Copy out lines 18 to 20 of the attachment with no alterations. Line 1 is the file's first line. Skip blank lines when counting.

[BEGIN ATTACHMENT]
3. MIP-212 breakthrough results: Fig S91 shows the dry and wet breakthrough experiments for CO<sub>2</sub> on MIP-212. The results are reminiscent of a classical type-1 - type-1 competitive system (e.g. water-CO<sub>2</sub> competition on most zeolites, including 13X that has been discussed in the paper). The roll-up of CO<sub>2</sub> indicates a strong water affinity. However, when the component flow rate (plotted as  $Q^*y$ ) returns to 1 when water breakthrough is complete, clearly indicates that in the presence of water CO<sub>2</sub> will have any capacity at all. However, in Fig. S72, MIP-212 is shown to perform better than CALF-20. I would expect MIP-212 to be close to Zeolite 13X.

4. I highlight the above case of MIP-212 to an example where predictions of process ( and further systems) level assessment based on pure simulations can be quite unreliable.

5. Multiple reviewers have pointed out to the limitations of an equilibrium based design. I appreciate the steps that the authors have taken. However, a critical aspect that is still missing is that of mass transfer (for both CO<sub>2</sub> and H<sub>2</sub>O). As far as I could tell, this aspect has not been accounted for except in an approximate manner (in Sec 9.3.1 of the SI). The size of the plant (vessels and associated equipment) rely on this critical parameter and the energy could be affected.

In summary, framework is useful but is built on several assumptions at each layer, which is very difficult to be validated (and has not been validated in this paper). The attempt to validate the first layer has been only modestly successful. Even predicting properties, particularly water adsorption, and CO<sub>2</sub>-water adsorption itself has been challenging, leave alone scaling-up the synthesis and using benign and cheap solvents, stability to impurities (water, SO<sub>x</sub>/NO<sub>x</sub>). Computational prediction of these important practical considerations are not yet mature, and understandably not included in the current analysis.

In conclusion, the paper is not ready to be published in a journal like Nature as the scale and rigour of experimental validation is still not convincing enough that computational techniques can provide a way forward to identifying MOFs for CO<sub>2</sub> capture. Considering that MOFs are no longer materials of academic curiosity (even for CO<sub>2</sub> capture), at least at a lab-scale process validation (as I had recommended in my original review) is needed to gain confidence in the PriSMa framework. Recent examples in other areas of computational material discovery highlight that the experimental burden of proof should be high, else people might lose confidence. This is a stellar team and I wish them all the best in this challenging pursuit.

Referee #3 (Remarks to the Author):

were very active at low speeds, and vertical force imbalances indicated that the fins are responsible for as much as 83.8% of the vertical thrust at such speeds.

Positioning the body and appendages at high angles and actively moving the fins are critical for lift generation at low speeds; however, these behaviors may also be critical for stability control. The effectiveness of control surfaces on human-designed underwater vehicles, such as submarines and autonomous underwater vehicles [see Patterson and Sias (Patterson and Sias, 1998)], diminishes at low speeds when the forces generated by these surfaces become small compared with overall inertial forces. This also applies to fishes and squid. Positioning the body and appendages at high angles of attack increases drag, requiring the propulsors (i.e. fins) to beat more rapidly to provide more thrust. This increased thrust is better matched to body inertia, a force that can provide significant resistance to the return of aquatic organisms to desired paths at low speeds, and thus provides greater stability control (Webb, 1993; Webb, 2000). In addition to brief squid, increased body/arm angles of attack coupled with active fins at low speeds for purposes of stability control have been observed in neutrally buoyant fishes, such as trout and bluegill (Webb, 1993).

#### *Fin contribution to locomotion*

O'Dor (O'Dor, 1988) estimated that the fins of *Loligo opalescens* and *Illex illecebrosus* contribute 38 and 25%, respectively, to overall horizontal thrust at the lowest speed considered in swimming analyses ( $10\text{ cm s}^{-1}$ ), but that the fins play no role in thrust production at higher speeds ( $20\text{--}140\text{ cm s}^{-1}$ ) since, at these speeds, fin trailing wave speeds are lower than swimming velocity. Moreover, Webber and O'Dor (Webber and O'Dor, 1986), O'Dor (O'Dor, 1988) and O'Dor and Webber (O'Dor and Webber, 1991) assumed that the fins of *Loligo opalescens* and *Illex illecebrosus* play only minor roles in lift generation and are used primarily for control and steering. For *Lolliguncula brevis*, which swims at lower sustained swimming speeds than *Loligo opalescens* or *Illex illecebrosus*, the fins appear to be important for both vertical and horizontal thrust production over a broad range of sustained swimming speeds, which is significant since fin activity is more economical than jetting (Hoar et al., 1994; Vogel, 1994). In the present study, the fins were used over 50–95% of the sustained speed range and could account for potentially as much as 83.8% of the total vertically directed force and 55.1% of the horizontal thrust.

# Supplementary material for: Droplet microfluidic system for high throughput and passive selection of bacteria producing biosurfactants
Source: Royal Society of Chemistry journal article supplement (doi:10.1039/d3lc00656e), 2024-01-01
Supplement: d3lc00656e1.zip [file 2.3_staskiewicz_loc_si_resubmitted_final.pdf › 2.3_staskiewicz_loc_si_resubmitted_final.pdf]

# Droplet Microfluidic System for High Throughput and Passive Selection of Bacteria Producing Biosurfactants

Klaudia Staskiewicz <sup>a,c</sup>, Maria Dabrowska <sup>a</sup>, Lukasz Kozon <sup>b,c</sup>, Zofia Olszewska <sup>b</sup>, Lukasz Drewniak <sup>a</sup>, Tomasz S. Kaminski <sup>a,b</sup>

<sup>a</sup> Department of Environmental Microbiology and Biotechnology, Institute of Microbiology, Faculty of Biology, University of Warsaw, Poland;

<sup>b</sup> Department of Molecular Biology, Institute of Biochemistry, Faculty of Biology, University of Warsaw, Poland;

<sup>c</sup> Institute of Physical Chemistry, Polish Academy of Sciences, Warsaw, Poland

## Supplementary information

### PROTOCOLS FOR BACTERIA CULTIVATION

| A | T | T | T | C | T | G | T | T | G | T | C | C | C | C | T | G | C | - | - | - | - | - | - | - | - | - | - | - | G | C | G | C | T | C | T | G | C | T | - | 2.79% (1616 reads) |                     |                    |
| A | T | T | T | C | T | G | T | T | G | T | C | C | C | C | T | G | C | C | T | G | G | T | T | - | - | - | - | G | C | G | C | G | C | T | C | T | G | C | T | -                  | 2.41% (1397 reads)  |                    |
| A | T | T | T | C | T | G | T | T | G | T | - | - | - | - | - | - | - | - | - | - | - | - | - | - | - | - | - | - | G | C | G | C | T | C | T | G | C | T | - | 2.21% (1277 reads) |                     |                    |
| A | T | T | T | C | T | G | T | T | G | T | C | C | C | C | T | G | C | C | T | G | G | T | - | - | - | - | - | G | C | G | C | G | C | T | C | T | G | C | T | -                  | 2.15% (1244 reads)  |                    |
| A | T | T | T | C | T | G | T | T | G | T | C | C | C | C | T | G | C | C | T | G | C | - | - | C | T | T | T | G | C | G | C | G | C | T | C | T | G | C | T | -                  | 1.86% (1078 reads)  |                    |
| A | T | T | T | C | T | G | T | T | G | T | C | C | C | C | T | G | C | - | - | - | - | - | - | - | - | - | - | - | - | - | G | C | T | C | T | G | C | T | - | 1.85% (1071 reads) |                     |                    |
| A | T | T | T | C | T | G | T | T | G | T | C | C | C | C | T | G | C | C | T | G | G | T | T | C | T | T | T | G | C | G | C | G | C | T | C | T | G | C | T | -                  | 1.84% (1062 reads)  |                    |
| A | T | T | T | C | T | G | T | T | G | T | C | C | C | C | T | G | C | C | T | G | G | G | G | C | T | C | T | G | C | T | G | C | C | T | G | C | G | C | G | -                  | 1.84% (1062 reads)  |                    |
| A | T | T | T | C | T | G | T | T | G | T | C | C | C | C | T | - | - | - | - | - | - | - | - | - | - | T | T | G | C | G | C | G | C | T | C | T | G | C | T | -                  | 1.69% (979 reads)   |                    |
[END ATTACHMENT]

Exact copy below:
<sup>c</sup> Institute of Physical Chemistry, Polish Academy of Sciences, Warsaw, Poland

## Supplementary information

### PROTOCOLS FOR BACTERIA CULTIVATION